Without context, grouping the letters “MS” can stand for a lot of things. It shows that someone completed a Master of Science degree. It refers to multiple sclerosis, the disease in which the body’s immune system attacks the central nervous system. The post office uses it as the abbreviation for Mississippi. When you add a period after the letters, it becomes a title for women that does not depend on or indicate their marital status. (You’d never figure out these common acronyms.)
A quick recap on titles: Miss, used to address all the single ladies, stands on its own as a word. The title for married women is actually an abbreviation for a longer word (here’s why we spell Mrs. like that). But “Ms.” is a different story. Despite the period, it’s not an abbreviation for anything. It just evolved as a polite way to address a woman without commenting on whether she was married or not.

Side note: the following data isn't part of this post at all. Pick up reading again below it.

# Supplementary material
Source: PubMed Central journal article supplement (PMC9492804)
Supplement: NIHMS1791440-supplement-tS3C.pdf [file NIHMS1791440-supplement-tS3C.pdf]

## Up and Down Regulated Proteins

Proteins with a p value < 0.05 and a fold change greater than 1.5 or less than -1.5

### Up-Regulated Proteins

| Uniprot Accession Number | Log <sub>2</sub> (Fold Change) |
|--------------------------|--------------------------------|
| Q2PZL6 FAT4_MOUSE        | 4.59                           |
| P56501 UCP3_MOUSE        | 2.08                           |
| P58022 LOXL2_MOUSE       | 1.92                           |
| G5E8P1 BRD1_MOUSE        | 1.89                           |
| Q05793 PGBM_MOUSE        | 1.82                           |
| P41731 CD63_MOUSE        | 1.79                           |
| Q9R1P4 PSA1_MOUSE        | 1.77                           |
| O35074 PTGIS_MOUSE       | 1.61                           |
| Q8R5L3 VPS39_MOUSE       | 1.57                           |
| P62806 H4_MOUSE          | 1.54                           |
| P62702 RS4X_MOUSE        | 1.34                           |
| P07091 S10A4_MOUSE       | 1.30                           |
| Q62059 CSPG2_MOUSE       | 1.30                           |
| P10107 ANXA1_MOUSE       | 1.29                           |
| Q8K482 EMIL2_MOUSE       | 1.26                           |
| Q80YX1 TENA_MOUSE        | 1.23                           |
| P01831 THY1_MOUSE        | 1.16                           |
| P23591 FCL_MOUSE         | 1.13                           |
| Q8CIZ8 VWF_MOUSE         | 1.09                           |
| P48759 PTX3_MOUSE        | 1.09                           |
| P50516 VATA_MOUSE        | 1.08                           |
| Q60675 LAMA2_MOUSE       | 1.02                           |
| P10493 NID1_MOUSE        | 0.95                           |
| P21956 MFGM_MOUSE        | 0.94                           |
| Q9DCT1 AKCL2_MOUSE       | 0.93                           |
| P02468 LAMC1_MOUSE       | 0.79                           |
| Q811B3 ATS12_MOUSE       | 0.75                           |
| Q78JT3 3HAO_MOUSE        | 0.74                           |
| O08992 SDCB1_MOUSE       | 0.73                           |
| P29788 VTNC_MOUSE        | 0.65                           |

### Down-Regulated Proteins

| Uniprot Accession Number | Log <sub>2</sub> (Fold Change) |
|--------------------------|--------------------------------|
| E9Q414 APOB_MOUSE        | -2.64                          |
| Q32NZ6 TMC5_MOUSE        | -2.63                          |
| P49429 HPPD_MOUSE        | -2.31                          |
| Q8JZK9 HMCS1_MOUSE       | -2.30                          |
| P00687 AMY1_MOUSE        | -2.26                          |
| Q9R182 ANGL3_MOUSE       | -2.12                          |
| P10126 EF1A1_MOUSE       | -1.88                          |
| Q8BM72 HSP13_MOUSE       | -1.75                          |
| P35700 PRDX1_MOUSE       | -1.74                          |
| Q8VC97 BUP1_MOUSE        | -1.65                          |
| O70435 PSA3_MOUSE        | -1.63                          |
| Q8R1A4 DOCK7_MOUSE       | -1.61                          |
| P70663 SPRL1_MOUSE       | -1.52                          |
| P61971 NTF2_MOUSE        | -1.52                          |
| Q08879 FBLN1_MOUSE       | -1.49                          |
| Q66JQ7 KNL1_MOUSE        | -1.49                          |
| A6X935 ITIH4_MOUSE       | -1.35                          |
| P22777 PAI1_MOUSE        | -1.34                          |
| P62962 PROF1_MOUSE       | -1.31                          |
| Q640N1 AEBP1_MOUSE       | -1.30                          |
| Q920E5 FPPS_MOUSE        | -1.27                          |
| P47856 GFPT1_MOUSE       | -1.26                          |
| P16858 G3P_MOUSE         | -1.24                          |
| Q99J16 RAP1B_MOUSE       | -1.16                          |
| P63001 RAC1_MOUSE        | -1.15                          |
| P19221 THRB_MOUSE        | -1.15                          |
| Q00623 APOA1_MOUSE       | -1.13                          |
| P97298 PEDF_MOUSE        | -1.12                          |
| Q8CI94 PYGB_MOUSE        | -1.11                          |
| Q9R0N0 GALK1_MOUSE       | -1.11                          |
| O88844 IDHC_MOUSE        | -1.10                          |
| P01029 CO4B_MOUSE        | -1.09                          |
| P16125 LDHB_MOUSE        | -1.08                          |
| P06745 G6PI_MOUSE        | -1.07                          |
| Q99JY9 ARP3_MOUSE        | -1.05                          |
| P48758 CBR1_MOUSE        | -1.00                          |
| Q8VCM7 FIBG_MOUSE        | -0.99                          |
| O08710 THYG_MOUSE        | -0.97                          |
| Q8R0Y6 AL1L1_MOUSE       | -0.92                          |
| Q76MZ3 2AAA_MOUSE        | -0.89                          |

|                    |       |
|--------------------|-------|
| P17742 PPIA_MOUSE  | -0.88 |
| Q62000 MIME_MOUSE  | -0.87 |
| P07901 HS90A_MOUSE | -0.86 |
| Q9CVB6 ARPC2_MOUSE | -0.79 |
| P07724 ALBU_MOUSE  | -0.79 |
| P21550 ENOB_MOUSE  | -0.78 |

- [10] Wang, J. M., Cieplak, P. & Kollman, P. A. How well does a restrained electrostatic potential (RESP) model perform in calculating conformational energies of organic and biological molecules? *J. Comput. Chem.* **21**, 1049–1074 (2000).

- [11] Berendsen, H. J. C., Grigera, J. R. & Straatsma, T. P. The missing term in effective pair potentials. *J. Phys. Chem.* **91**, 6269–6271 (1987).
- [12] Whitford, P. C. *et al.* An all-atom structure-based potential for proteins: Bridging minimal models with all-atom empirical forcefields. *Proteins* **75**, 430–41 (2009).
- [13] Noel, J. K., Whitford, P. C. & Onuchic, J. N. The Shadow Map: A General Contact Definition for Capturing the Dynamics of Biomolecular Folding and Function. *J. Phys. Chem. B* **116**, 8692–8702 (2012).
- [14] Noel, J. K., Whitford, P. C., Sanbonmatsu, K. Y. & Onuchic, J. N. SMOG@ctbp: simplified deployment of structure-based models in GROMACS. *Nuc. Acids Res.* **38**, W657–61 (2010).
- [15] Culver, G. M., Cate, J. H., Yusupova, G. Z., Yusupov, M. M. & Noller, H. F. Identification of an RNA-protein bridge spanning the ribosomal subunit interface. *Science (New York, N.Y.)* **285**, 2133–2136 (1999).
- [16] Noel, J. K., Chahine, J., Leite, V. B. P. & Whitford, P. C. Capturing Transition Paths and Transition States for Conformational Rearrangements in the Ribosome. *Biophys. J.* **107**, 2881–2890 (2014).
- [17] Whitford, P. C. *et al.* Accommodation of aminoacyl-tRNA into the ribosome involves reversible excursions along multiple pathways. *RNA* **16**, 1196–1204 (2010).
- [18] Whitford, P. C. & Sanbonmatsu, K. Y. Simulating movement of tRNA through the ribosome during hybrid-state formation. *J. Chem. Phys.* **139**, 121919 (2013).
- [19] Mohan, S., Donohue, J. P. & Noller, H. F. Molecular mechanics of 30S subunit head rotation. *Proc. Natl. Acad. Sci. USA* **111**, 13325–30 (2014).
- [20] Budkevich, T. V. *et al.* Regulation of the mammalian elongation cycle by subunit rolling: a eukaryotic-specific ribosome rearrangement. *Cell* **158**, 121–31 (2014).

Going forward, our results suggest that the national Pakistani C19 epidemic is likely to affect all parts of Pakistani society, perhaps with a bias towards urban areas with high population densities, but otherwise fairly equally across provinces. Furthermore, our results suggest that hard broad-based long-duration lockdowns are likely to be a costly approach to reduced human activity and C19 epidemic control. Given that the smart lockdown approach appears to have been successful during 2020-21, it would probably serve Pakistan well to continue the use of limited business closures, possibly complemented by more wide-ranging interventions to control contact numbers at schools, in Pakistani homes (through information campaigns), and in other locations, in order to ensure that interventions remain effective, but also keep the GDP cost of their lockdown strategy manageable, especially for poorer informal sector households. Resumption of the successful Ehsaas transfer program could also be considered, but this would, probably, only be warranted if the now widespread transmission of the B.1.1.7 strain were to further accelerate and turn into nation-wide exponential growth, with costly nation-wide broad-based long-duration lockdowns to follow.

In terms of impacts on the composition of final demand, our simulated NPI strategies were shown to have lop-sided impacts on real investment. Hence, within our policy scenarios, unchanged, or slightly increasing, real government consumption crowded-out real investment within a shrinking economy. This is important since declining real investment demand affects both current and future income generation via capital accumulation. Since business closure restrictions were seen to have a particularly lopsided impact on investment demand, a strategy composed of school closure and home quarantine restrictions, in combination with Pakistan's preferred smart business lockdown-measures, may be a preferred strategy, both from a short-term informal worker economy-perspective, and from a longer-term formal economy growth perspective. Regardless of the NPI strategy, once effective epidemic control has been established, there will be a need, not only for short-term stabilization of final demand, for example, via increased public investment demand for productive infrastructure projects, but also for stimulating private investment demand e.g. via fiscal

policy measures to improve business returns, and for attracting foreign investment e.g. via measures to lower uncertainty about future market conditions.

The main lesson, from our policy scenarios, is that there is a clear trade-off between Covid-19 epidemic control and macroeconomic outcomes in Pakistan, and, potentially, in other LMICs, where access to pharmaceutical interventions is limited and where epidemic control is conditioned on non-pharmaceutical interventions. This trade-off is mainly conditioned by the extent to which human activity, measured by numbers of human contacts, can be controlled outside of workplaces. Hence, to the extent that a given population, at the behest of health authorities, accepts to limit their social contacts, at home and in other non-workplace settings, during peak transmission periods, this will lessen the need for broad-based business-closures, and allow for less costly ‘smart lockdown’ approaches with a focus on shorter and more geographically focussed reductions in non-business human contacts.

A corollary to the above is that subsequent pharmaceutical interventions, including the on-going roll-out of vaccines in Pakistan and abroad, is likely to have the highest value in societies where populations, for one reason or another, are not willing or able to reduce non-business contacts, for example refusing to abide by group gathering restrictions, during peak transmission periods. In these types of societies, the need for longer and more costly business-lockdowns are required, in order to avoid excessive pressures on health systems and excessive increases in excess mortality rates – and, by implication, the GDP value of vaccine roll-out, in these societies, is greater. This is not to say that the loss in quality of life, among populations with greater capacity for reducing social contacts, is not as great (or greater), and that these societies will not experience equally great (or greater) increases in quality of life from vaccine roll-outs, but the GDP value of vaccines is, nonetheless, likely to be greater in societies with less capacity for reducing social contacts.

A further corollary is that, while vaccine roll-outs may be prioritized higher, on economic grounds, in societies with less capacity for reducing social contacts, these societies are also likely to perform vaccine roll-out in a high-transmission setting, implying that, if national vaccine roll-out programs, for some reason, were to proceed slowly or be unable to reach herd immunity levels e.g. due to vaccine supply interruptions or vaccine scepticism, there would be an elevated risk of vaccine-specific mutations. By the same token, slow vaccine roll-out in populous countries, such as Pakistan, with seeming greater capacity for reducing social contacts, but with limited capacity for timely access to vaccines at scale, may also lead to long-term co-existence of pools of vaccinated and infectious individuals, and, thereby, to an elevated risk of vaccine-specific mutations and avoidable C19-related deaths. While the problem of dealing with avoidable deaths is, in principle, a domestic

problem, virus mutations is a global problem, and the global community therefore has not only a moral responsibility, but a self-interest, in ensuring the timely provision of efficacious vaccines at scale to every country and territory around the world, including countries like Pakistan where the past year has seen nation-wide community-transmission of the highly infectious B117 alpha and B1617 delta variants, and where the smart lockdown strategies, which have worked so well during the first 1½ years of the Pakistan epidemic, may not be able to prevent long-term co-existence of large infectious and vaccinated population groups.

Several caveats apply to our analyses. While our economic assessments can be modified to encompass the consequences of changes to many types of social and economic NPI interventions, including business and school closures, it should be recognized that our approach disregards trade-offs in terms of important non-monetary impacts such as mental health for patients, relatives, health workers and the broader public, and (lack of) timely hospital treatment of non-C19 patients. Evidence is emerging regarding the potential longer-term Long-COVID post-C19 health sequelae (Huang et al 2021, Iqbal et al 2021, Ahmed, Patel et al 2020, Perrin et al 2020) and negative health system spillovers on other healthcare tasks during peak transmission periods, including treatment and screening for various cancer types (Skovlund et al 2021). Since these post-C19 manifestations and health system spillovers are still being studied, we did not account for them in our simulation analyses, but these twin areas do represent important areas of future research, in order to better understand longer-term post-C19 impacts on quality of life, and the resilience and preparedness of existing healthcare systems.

Ms. was first proposed as a title in 1901. An article in the Springfield Sunday Republican advocated for the creation a way to address a lady without bringing up her “domestic situation.” According to the article, the word was simple, easy to write, and “the person concerned can translate it properly according to circumstance.” Apparently, people were already saying “mizz,” intentionally slurring of “Miss” and “Mrs.” together, for that very purpose. This was just the written form.
The crazy thing is“Ms.” is a pretty recent addition to the English vocabulary. The phrase wasn’t widely used until the 1980s, thanks to lobbying from feminist activists. Now when you explain the origin of “Ms.” to all your friends, they’ll know why they’re calling you Ms. Smarty-Pants. (Sorry, fellas, you’re stuck with Mr. for everything.)